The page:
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Over the years rice soup became versatile and even luxurious, thanks to the creations of many chefs and cooks: Chicken rice soup whose broth flavored by cooking a whole chicken in it and then served with chicken salad; duck rice soup whose cooking is similar to chicken rice soup but totally different flavor and served with chopped duck and cabbage and ginger lime fish sauce; clam rice soup whose broth is briny and oceany and the clam meat is meaty and many more. In recent years rice soup is elevated to rice soup hot pot, in which there is huge fish and many kinds of meat and seafood and vegetables for people to dunk at the table.
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I start you up with basic rice soup. Once you master it, you can create many variations. It is only limited by your imagination.
Ingredients:
1 cup white rice
6 cup water
Instructions:
Dry-roast the rice in non-stick pot over medium heat for about 3’ to bring out the aroma. Pour the water in and stir and bring to a boil. Lower the heat to simmer for about 20’. Turn off the heat, cover the lid and let the pot still on the stove. The rice continues to cook by doing so. When cool it is creamy and soft.

dry roast the rice

simmer rice soup

simmer rice soup

basic rice soup (congee)

basic rice soup (congee)

Enjoy a bowl of congee and saute pork

Enjoy a bowl of congee and saute pork

 

 

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BLACK PEPPER PORK – THIT KHO TIEU

BLACK PEPPER PORKTHIT KHO TIEU
My mother is very fond of this dish. This was the food that she ate on a daily basis, especially after she delivered a new born. She actually did it 9 times. She explained that when her body was weak after losing a lot of blood and energy, this food to her was soft and tasty to chew, easy to digest, and full of nutrients. I had some co-workers who did not eat pork. They said pigs were nasty. My mother would have been offended. I, on the other hand, feel sorry for them as they did not know what they missed. For instance, the entire nation of China takes pork as their national meat.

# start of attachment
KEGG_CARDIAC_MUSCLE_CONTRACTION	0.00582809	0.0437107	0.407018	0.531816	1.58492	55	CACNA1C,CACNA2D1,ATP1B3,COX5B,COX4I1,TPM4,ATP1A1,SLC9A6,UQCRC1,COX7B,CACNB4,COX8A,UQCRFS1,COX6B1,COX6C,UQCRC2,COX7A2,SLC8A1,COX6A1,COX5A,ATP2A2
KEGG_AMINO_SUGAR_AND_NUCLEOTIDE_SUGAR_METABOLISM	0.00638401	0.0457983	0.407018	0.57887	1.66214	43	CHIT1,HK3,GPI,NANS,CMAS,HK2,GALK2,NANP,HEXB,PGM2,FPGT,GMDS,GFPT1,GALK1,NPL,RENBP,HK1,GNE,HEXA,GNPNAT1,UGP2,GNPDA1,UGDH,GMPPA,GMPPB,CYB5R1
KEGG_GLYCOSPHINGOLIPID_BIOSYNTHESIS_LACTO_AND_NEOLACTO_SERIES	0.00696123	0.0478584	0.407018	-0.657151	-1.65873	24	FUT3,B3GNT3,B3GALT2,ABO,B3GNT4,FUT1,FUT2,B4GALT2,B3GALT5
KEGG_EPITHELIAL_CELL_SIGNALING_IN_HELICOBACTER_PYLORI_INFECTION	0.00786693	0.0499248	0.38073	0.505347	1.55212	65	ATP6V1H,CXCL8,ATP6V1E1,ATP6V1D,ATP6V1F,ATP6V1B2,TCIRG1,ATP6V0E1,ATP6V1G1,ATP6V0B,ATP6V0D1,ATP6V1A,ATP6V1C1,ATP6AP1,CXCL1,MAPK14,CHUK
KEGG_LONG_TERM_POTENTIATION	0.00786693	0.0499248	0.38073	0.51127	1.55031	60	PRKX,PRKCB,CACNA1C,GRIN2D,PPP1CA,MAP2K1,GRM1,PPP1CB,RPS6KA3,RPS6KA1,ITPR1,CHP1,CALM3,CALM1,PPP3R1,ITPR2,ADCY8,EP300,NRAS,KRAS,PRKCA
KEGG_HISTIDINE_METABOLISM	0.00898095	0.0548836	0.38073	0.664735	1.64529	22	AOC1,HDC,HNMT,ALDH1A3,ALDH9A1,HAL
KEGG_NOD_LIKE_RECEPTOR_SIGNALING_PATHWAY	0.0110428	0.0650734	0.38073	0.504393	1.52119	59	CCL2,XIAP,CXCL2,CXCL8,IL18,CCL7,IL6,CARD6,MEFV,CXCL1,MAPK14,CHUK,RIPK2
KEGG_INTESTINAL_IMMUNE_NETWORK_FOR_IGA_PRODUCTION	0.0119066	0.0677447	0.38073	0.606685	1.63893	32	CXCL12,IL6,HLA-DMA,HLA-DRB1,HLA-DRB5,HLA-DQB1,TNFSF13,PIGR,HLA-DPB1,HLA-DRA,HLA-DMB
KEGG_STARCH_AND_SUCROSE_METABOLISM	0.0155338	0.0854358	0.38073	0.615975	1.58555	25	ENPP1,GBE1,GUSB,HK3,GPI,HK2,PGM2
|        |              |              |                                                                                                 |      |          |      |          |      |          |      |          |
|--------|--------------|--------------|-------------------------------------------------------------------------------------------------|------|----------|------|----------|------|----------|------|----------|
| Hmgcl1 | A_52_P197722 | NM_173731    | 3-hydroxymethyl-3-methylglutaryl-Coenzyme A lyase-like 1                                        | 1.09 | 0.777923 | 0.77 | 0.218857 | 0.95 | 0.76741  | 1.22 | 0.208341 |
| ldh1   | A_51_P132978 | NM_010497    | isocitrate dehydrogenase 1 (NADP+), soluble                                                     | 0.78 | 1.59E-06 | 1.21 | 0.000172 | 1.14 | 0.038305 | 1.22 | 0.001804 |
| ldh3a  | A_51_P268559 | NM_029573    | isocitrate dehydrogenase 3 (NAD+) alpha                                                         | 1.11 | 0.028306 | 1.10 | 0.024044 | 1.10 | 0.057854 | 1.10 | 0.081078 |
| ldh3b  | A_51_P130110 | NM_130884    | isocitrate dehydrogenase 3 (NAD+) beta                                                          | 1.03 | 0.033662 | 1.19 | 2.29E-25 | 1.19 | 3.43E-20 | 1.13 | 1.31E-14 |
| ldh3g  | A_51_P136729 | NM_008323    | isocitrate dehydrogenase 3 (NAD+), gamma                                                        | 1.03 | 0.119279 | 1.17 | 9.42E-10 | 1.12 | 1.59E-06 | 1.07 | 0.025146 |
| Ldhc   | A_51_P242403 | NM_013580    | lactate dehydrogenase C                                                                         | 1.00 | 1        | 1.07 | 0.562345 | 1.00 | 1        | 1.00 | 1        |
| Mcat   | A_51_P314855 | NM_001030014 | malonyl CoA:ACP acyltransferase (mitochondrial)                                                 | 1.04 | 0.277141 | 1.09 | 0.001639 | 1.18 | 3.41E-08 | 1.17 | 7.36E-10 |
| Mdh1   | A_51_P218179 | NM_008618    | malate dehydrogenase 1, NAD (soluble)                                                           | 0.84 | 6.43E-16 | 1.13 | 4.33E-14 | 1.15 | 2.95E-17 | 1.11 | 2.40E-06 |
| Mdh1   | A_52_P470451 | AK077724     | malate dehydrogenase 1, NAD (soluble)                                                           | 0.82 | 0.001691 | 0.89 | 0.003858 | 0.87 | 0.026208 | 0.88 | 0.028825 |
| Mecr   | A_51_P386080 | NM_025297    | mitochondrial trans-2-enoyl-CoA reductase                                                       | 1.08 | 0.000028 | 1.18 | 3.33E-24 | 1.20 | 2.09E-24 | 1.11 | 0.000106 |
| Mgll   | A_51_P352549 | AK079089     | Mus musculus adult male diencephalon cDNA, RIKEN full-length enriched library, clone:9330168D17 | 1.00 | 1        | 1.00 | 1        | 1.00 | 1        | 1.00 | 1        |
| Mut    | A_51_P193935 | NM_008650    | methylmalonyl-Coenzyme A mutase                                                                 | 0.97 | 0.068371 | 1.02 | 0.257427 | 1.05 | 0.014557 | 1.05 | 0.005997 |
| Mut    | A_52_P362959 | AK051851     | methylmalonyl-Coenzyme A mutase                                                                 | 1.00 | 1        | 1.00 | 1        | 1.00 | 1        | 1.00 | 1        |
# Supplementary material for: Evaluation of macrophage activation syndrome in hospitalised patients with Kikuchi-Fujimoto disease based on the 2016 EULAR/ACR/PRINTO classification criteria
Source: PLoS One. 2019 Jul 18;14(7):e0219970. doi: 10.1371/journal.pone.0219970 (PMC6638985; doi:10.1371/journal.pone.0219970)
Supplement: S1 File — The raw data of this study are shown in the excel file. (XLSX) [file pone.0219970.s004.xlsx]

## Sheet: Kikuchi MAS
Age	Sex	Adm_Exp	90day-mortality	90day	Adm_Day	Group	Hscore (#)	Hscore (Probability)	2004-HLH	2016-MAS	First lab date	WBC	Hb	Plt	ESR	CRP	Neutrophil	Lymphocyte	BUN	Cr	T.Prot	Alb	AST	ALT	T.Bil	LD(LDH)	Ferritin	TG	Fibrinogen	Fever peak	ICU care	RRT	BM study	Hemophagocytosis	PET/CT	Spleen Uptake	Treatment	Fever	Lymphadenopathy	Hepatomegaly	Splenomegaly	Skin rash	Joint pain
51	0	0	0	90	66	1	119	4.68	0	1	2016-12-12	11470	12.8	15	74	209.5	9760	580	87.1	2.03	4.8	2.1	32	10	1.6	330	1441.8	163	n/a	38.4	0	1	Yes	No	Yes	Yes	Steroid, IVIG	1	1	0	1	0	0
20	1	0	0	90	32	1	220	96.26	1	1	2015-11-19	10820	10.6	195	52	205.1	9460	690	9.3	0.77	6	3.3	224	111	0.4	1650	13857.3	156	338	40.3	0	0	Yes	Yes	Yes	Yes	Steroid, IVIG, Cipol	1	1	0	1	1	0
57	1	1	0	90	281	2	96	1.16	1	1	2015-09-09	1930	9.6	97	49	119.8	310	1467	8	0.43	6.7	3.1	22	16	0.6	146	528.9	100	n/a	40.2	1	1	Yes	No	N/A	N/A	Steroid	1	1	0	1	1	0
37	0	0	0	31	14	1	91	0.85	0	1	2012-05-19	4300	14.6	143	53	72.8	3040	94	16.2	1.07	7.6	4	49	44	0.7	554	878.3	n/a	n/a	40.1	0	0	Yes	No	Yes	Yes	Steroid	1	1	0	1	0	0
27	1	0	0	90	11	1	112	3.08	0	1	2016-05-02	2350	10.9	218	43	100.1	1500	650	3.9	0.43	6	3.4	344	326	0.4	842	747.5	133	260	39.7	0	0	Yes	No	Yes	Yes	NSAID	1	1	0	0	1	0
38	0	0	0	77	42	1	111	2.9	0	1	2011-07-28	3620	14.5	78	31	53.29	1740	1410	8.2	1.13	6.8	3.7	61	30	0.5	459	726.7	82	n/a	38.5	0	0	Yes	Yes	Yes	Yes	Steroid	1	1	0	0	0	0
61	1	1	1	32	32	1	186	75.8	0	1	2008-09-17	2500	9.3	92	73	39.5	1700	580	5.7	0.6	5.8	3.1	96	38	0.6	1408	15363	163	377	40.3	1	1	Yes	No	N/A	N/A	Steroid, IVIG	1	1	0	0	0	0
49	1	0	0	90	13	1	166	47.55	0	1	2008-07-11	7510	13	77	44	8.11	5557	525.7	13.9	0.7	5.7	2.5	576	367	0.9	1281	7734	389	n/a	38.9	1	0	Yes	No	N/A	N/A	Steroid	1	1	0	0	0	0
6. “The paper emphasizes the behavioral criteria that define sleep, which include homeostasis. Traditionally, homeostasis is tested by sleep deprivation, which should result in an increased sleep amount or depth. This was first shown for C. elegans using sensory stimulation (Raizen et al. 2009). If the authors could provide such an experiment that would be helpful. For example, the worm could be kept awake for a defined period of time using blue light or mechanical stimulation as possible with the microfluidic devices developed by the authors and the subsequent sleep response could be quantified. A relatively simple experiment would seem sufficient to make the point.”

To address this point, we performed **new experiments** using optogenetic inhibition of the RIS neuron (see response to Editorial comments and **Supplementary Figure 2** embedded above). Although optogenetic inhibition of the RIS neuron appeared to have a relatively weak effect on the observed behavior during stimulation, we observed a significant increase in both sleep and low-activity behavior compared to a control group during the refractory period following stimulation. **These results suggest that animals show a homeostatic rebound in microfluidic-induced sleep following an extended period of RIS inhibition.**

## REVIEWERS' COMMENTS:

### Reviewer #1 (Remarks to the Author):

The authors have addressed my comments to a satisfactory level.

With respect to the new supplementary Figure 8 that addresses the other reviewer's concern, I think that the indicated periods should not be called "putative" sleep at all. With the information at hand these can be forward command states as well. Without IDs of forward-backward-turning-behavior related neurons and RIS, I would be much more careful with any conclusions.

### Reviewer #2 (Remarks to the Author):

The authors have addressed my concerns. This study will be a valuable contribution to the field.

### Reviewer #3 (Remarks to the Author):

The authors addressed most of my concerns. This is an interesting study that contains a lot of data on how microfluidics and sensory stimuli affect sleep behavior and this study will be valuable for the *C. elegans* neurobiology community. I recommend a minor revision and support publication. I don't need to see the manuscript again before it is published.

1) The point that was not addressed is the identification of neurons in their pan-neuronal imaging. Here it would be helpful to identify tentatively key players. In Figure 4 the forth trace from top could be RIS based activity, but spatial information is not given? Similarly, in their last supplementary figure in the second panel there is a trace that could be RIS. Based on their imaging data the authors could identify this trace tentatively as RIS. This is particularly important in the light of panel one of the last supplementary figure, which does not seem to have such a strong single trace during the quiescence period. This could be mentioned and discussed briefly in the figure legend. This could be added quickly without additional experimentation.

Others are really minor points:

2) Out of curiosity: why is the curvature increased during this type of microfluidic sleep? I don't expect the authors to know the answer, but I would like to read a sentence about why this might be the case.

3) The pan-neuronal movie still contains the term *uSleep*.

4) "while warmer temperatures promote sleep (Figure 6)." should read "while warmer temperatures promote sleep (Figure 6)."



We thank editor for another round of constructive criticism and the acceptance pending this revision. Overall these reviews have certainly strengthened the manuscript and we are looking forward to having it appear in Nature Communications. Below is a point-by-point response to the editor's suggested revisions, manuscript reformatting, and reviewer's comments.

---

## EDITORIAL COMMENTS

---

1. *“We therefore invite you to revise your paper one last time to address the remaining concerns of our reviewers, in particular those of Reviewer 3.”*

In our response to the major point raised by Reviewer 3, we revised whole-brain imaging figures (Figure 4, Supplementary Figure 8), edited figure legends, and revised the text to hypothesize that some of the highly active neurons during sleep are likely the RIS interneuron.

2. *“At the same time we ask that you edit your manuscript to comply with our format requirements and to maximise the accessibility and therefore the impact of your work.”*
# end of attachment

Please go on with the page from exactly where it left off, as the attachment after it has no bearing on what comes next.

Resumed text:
Pork loin and tenderloin are high quality cut of meats and considered white meat for the culinary world.
Ingredients:
½ lb/250g pork loin or tenderloin, cleaned and sliced
½ roast sea salt
1 teaspoon fish sauce
1 teaspoon sugar
1 shallot, minced
2 stalks green onions, white part, minced, green part, sliced
1teaspoon oil
2 teaspoon ground black pepper
Instructions:
Heat a pan or skillet over high heat. Add oil and wait for the oil to be hot but not smoking. Add shallot and white part of green onion, stir until fragrant. Add the meat, stir for 2-3’. Season the meat with salt, fish sauce and sugar. Stir for 5’ more until the meat is just cooked. Sprinkle with green onion and black pepper.
Serve with hot steam rice!
thinly slice pork loin (fillet)

thinly slice pork loin (fillet)

cook aromatic ingredients in the skillet

cook aromatic ingredients in the skillet

 

 

 

saute pork loin in the skillet

spinkle-black-pepper-and-green-onion-to-finish

spinkle-black-pepper-and-green-onion-to-finish

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GROWING HYDRANGEAS – TRONG HOA CAM TU CAU

GROWING HYDRANGEASTRONG HOA CAM TU CAU
In many Asian cultures, (I know in China and Vietnam) the flowers have their own special meaning.
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When you are making introductions with Westerners, you say your name then formally follow with “how do you do?” It is not the case with Chinese. Have you ever read a Chinese book? When talking about names, they explain what their names mean and what signs and strokes lay on the drawing – the drawing of their names. To satisfy your curiosity, my name (Ngoc Du) means a precious pearl that takes a long time to form and comes from the depths of the ocean. My mother wanted to emphasize that among pearls, I am an especially valuable one.
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So what has that got to do with hydrangeas? Sorry about being carried away. My intention is talking about hydrangeas. I always place roses high on my list. I guess most people agree with me, that is why the man would send a rose to a woman to say I love you. But time and time again I am deeply touched by hydrangeas, a single hydrangea alone at our local supermarket Harris Teeter sells for $4, it fills a vase and makes statement. On a walking trip made around our neighborhood, we ran into many hydrangea bushes, so full of flowers from top to bottom; the multi-colors and the delicate petals captured me.